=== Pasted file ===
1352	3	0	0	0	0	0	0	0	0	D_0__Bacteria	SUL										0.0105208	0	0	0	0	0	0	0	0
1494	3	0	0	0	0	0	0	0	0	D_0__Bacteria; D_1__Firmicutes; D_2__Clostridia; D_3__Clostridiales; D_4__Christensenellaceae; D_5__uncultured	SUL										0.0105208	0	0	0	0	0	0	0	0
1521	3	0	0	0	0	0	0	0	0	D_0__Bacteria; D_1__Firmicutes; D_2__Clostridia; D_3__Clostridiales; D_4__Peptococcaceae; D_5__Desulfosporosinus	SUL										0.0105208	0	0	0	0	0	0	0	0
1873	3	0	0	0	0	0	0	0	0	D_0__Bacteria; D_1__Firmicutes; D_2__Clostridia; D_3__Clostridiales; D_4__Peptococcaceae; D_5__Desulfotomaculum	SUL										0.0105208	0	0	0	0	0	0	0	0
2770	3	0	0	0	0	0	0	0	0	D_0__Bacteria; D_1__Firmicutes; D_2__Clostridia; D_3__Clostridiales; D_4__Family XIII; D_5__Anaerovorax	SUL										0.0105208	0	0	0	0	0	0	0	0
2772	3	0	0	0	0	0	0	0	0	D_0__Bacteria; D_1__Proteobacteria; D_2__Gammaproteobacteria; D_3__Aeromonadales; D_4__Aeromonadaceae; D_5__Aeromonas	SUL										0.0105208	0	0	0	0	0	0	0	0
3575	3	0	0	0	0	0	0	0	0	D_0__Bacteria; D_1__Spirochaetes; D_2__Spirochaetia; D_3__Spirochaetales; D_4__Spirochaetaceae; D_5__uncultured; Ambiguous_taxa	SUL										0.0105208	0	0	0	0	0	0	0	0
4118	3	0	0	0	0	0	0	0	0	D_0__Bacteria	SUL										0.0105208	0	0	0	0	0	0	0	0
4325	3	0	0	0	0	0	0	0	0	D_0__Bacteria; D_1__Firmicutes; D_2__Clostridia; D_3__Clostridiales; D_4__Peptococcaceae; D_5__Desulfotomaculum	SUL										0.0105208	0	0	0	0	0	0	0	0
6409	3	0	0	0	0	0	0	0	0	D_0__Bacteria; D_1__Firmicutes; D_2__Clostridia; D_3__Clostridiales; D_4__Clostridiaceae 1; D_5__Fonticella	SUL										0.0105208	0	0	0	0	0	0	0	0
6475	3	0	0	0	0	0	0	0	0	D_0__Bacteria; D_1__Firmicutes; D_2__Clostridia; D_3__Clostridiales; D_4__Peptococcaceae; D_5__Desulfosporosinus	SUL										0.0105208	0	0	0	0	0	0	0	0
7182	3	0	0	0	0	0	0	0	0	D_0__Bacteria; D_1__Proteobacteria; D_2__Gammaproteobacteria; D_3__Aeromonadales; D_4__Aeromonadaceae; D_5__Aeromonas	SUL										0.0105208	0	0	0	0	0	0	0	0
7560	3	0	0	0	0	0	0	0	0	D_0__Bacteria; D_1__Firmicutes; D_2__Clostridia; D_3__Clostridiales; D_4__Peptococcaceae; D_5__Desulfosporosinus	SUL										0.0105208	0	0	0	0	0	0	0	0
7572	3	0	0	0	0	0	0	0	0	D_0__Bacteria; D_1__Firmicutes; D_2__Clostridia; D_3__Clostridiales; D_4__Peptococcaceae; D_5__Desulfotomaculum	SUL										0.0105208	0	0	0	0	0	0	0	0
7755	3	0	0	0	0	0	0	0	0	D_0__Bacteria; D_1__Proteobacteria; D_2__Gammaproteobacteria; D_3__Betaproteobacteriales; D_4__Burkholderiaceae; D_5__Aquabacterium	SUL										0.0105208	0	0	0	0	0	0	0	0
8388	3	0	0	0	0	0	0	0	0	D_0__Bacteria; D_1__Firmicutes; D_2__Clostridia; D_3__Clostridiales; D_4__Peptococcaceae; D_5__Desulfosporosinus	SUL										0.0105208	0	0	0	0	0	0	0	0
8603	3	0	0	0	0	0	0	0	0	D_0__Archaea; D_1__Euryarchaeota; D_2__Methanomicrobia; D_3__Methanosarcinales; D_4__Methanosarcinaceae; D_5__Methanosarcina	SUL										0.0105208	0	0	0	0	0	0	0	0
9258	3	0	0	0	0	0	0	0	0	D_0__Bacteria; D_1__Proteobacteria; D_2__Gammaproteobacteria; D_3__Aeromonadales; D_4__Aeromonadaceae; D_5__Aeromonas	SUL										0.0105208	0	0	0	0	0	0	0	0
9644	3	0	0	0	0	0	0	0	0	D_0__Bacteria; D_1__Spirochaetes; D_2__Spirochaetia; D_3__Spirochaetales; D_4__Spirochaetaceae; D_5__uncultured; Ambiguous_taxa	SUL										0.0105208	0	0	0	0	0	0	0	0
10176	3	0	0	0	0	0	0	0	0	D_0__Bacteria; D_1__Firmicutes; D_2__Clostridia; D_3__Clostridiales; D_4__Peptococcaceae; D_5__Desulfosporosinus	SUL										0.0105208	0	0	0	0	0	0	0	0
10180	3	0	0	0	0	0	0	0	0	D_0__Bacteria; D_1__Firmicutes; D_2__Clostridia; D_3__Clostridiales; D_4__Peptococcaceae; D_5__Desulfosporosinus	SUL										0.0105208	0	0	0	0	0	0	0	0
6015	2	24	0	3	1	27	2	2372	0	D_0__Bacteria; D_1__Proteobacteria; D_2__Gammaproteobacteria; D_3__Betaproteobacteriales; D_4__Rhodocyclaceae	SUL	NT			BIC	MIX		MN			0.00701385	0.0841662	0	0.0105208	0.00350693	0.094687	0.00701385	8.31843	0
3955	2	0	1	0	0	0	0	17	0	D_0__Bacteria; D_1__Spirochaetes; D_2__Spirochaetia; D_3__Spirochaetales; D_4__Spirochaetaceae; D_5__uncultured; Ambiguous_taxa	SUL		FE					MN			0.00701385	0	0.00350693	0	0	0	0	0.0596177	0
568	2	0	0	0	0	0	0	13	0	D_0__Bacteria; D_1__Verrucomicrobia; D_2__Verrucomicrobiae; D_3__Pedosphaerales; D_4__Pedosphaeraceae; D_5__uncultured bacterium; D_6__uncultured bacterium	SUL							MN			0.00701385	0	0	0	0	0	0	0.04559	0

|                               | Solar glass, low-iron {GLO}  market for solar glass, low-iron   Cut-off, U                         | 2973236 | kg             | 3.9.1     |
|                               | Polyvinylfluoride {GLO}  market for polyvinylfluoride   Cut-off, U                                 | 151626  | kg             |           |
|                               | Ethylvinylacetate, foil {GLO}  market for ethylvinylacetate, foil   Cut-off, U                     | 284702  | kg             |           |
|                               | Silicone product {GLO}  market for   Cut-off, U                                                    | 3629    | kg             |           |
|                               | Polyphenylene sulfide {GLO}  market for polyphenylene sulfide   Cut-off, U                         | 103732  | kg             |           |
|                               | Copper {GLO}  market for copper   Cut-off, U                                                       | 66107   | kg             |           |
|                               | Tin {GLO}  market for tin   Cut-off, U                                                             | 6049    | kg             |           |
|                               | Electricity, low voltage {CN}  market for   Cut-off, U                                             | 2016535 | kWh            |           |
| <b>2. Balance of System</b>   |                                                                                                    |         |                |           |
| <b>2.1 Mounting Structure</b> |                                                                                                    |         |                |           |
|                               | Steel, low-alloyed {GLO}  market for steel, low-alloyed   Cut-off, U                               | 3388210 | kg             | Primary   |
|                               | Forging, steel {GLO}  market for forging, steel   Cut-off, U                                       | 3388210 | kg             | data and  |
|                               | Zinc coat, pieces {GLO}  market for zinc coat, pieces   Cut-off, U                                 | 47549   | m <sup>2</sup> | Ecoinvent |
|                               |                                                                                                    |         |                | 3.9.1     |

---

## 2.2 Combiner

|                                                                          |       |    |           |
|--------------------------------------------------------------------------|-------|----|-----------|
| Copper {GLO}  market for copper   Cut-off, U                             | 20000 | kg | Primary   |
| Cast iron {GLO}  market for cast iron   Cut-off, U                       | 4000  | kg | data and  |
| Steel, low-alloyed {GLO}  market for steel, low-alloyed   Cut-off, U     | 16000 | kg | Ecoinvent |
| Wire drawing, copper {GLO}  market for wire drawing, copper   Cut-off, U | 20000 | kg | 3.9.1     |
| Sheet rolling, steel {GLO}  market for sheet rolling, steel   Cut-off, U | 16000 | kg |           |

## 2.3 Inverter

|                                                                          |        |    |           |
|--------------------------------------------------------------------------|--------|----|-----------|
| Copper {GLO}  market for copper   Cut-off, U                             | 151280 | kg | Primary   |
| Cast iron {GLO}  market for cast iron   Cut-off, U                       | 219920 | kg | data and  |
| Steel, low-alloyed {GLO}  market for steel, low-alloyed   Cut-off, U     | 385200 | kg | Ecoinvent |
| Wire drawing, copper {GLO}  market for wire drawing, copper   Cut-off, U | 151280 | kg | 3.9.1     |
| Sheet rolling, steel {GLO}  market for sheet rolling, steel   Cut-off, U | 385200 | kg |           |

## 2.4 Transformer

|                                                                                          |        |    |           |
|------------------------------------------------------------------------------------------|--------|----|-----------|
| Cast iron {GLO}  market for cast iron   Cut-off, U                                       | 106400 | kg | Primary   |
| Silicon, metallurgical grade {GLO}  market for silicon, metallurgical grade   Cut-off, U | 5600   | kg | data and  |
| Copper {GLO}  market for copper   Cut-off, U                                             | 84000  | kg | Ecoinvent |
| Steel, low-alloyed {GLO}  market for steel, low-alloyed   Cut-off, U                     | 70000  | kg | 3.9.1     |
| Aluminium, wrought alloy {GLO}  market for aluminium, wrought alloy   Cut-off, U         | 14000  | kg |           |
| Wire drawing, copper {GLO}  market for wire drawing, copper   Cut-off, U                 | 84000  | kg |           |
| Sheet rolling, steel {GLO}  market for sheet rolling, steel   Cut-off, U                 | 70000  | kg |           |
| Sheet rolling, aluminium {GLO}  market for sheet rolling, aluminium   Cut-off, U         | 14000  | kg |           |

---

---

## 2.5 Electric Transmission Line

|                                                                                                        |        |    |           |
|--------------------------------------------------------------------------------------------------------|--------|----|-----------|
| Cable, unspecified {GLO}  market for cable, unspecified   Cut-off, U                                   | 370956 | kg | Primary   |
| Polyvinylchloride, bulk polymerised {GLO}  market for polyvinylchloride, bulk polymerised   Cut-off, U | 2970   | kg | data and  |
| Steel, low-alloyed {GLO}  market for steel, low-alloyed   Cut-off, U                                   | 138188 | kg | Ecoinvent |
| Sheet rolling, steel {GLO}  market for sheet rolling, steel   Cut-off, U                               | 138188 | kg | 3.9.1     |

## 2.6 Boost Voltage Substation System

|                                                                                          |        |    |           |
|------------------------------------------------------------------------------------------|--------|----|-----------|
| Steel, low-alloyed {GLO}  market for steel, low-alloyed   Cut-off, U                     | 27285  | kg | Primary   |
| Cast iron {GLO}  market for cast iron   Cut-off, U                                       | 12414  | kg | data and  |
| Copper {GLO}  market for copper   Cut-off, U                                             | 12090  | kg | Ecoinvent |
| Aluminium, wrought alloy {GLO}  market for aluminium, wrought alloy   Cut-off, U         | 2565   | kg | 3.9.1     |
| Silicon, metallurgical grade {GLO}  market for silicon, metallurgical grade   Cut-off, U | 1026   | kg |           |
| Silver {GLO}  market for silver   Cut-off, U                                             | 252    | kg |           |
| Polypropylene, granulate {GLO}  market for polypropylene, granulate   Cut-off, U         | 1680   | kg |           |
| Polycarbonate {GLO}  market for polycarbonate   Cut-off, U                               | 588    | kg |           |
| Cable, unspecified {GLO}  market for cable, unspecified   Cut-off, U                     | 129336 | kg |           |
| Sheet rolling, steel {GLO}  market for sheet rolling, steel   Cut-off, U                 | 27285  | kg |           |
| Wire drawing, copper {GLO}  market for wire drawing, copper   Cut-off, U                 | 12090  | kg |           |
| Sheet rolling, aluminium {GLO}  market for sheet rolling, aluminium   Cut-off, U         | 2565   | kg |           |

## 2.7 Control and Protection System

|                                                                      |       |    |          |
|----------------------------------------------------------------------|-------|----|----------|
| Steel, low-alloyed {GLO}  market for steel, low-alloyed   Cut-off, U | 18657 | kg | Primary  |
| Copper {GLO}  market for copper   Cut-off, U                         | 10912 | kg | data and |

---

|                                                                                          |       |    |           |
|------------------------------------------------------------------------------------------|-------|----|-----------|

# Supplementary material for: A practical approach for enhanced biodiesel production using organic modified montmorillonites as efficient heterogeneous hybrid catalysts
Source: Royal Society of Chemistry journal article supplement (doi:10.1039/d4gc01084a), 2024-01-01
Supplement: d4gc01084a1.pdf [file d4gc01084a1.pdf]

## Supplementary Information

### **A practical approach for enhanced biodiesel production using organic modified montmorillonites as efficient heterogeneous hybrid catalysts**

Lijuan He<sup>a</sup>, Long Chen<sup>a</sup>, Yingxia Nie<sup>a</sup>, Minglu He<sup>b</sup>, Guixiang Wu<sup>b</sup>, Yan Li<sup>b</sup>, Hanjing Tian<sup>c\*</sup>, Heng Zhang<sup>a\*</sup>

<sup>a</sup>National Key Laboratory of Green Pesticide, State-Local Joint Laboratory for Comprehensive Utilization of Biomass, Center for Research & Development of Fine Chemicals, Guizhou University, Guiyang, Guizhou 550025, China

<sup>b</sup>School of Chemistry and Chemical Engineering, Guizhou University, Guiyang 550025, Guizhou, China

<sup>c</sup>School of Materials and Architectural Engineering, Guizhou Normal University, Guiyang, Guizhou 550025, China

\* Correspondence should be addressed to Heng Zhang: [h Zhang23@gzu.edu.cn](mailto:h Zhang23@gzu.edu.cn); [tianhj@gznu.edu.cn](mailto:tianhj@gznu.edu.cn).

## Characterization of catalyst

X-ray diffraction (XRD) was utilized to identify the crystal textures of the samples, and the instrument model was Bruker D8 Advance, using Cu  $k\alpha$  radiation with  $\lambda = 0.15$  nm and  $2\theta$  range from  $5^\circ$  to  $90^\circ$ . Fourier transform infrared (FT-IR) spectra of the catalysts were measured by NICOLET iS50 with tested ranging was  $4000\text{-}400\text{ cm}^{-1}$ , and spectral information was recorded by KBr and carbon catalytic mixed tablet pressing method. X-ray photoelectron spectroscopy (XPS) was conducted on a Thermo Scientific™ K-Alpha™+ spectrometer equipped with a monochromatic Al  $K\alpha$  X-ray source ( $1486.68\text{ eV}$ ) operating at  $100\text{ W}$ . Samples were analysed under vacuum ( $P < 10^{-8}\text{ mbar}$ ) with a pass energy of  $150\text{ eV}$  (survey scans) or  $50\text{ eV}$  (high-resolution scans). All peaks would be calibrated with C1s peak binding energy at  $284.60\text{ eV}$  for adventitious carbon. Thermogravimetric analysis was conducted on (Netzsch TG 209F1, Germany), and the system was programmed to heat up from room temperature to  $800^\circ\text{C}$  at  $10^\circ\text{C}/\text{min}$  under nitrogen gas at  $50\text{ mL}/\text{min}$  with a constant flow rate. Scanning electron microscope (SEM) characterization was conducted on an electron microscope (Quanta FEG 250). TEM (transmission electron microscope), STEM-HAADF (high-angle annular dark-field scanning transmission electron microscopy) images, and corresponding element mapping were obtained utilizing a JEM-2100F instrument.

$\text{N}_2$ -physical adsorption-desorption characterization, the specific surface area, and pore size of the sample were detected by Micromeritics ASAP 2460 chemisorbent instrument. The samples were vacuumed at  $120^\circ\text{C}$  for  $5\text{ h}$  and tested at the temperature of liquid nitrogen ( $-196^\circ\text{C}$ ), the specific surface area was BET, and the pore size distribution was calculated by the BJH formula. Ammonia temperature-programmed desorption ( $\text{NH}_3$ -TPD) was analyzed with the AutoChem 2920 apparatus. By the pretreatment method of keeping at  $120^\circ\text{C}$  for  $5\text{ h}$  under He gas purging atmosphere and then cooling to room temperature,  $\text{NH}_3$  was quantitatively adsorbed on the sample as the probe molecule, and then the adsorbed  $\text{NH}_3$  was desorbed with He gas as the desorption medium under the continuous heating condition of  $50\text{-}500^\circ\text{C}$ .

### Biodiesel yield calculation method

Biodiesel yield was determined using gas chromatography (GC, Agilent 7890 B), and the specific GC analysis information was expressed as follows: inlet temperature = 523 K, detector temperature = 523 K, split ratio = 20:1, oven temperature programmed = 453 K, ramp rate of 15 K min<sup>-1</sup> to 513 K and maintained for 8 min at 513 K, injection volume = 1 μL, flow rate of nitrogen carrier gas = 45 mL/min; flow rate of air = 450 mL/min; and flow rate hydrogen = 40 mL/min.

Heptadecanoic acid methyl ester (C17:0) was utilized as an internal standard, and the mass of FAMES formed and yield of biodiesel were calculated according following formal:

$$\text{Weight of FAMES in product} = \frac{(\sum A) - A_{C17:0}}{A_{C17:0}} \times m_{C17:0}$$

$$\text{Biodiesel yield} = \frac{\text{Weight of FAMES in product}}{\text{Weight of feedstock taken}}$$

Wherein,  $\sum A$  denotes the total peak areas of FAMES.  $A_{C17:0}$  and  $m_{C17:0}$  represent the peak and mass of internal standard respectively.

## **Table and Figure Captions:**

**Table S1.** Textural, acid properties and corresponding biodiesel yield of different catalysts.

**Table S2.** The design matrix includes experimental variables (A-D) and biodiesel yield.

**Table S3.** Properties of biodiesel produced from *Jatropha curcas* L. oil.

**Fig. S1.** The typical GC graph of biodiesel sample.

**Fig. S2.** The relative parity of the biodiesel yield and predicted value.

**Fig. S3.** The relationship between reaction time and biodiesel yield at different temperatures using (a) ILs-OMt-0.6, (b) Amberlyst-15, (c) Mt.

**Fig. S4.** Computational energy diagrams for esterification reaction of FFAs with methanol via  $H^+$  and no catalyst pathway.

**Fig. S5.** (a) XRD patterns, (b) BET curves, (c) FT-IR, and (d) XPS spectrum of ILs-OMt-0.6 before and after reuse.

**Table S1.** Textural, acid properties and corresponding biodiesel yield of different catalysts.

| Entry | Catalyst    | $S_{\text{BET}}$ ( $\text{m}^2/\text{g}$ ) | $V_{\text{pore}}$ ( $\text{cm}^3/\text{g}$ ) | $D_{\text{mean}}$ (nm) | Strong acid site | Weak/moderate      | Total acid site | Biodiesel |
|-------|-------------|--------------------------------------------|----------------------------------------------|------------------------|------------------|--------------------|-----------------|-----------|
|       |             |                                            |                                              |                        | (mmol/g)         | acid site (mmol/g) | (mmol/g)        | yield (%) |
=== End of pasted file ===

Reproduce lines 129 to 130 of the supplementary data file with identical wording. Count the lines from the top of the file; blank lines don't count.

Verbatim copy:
|-------|-------------|--------------------------------------------|----------------------------------------------|------------------------|------------------|--------------------|-----------------|-----------|
|       |             |                                            |                                              |                        | (mmol/g)         | acid site (mmol/g) | (mmol/g)        | yield (%) |